This one example hopefully shows that the subject matter of the natural world is one that is fundamental to pattern work. Human decoration has depended so heavily on nature throughout its long history that it seems somewhat redundant to state the obvious. However, our dependence on the natural world for both inspiration and survival seems at times to be treated with an element of flippant negligence and even arrogant indifference, particularly when seen in the context of our race towards a near universal urban lifestyle with now over half of humanity living within an entirely urban environment.
The contemplation of the natural world, whether it be through the individual and uniquely aware decorative work of Knox, or that of other creative individuals, disciplines and mediums, is a unique factor of human creativity that should be treasured, developed and maintained for future generations.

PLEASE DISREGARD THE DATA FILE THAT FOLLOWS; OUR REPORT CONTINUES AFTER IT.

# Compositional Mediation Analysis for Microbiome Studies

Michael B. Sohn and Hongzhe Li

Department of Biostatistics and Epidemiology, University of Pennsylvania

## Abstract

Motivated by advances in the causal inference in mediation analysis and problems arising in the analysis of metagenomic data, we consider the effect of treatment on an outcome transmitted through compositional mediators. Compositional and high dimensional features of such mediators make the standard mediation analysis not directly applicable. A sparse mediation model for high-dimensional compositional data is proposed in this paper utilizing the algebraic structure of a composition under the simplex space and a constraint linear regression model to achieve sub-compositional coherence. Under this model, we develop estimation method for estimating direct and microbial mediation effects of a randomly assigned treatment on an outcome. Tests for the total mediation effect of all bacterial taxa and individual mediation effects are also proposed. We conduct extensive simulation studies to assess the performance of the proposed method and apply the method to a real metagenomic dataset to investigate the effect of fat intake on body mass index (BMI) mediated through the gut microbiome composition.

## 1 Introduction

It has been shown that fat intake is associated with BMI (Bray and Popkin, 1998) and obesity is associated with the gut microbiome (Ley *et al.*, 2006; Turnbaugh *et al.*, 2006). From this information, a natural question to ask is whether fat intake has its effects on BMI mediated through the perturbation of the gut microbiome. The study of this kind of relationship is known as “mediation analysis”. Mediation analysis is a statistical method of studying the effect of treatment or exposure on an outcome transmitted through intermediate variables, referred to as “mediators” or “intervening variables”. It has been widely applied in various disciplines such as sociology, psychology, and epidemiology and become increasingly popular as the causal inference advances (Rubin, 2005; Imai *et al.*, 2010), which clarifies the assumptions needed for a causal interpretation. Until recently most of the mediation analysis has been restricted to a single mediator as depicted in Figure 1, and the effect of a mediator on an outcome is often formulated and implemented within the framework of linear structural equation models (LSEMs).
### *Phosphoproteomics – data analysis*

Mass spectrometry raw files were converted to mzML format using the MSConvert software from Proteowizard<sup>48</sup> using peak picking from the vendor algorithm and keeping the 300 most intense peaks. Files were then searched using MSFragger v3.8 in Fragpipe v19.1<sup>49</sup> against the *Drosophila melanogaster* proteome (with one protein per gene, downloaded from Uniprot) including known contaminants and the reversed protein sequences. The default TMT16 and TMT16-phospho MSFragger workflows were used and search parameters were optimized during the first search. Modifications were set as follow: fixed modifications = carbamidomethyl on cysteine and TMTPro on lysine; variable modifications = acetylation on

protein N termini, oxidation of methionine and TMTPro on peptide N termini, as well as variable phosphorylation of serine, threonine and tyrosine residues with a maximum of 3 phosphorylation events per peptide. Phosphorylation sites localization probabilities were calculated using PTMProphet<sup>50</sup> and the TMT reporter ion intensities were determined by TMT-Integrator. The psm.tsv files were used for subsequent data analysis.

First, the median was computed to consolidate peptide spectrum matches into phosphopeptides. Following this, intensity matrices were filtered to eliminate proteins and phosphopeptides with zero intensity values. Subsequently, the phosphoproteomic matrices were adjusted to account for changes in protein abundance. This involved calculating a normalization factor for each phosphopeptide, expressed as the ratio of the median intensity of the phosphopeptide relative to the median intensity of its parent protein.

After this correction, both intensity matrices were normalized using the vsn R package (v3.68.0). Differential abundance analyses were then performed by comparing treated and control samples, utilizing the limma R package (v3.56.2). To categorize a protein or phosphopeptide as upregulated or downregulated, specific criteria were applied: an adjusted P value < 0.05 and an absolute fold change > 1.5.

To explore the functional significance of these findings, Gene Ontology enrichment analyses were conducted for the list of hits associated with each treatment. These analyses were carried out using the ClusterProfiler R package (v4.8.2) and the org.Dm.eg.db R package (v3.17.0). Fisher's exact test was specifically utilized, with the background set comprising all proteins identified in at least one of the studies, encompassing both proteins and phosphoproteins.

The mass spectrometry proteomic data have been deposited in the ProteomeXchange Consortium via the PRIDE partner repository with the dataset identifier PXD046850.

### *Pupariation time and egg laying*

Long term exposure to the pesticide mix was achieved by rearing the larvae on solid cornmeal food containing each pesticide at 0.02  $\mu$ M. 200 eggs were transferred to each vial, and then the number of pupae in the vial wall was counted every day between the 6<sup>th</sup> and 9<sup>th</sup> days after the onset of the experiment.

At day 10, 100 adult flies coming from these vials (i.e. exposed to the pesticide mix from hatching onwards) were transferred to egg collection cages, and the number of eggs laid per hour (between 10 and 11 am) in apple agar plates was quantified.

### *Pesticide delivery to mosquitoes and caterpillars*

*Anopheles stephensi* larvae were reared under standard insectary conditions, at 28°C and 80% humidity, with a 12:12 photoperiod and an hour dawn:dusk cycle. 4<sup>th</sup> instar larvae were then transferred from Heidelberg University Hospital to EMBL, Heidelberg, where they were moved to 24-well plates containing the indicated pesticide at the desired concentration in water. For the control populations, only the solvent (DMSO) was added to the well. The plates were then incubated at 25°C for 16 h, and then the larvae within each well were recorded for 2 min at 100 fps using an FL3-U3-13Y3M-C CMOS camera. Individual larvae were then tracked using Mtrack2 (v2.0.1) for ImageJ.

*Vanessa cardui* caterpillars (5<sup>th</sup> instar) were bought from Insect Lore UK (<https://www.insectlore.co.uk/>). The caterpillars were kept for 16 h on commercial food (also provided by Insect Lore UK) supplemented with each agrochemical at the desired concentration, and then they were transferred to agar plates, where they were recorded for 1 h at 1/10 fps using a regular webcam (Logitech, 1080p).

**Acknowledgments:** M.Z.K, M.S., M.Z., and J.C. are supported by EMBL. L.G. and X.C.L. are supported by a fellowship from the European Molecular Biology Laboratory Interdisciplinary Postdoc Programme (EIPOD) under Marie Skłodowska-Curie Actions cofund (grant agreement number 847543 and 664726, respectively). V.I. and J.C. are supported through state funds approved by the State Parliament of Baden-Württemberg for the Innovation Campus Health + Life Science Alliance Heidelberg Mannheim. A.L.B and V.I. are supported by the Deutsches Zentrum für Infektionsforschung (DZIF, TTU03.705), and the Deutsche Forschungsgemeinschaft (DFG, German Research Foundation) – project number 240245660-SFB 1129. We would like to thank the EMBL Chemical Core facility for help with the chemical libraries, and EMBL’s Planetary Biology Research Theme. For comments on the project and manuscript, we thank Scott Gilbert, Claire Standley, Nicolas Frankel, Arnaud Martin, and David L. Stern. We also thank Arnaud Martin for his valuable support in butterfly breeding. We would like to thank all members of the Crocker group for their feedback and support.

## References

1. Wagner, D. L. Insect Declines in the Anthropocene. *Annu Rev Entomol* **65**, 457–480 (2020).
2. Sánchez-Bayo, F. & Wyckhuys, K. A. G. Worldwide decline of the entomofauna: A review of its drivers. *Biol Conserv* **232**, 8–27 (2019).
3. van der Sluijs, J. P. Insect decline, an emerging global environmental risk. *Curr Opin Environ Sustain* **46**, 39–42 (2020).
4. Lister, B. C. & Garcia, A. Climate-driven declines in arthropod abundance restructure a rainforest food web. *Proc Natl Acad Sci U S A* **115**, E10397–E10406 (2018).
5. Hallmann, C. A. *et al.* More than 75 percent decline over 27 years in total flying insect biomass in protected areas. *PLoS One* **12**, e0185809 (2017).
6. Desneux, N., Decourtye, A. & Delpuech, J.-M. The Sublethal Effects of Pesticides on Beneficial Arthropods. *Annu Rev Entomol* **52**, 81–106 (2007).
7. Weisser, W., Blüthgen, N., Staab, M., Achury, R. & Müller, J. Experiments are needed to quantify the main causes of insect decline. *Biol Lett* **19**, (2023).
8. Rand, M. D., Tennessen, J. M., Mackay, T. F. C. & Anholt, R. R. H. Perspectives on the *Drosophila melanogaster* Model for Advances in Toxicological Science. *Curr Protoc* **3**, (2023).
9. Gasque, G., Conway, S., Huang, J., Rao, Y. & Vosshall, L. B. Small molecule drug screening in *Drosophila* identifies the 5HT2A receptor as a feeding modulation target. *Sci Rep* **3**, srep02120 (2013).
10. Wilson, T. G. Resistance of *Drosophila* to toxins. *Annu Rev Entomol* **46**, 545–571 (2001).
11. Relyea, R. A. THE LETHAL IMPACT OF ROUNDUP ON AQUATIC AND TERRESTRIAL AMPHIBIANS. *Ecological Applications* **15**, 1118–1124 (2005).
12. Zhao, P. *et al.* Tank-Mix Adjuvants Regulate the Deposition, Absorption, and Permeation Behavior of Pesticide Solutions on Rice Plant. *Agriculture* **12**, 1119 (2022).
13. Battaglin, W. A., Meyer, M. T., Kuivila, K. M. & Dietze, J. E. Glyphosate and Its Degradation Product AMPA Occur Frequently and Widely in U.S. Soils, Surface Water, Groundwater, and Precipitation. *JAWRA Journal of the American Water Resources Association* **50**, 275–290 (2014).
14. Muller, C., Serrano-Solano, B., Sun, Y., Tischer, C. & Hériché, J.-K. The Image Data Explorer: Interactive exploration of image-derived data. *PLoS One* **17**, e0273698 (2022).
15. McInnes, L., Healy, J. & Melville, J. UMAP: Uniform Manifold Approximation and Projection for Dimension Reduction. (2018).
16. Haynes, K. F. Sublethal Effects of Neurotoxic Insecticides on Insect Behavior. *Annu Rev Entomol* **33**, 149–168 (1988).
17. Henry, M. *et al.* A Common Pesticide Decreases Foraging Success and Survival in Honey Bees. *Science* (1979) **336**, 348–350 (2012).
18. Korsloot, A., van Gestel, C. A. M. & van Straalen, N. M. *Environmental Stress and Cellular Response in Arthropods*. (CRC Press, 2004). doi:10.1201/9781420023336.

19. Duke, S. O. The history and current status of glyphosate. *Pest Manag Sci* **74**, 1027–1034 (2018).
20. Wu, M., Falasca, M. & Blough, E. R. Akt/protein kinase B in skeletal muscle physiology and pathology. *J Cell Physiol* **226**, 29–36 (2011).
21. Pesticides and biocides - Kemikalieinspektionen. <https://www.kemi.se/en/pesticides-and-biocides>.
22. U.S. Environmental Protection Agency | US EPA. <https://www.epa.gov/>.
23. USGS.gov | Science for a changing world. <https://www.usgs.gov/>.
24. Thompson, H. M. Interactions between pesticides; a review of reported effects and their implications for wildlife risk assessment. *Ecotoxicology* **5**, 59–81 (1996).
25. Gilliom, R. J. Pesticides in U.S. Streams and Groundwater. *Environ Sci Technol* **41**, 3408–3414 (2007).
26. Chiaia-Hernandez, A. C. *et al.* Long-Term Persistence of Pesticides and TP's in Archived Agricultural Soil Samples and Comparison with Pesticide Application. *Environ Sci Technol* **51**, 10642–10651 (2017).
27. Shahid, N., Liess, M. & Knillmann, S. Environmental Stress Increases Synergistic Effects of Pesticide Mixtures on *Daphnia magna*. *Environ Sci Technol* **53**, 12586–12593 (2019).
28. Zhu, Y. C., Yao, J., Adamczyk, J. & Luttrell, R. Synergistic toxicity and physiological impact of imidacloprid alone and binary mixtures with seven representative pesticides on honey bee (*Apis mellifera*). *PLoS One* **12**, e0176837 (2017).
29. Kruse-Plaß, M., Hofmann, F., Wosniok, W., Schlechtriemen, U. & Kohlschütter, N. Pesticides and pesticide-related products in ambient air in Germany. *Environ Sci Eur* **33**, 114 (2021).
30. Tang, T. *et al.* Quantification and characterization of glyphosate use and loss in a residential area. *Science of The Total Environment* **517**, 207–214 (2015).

Journal of the Archibald Knox Society
Designs of Archibald Knox for Liberty & Co.
Art Nouveau Floral Patterns and Stencil Designs in Full Color (Dover Pictorial Archive Series)
150 Full-Color Art Nouveau Patterns and Designs (Promotionals, Displays)
Art Nouveau Designs (Design Source Books)
Textiles Of The Arts And Crafts Movement
Arts & Crafts Movement (Art of Century)
The Arts and Crafts Movement in Europe and America: Design for the Modern World 1880-1920
The Arts and Crafts Movement in Britain (Shire History)
Art of the Celts: From 700 BC to the Celtic revival (World of Art)
Art Nouveau Patterns (Dover Pictoral Archive)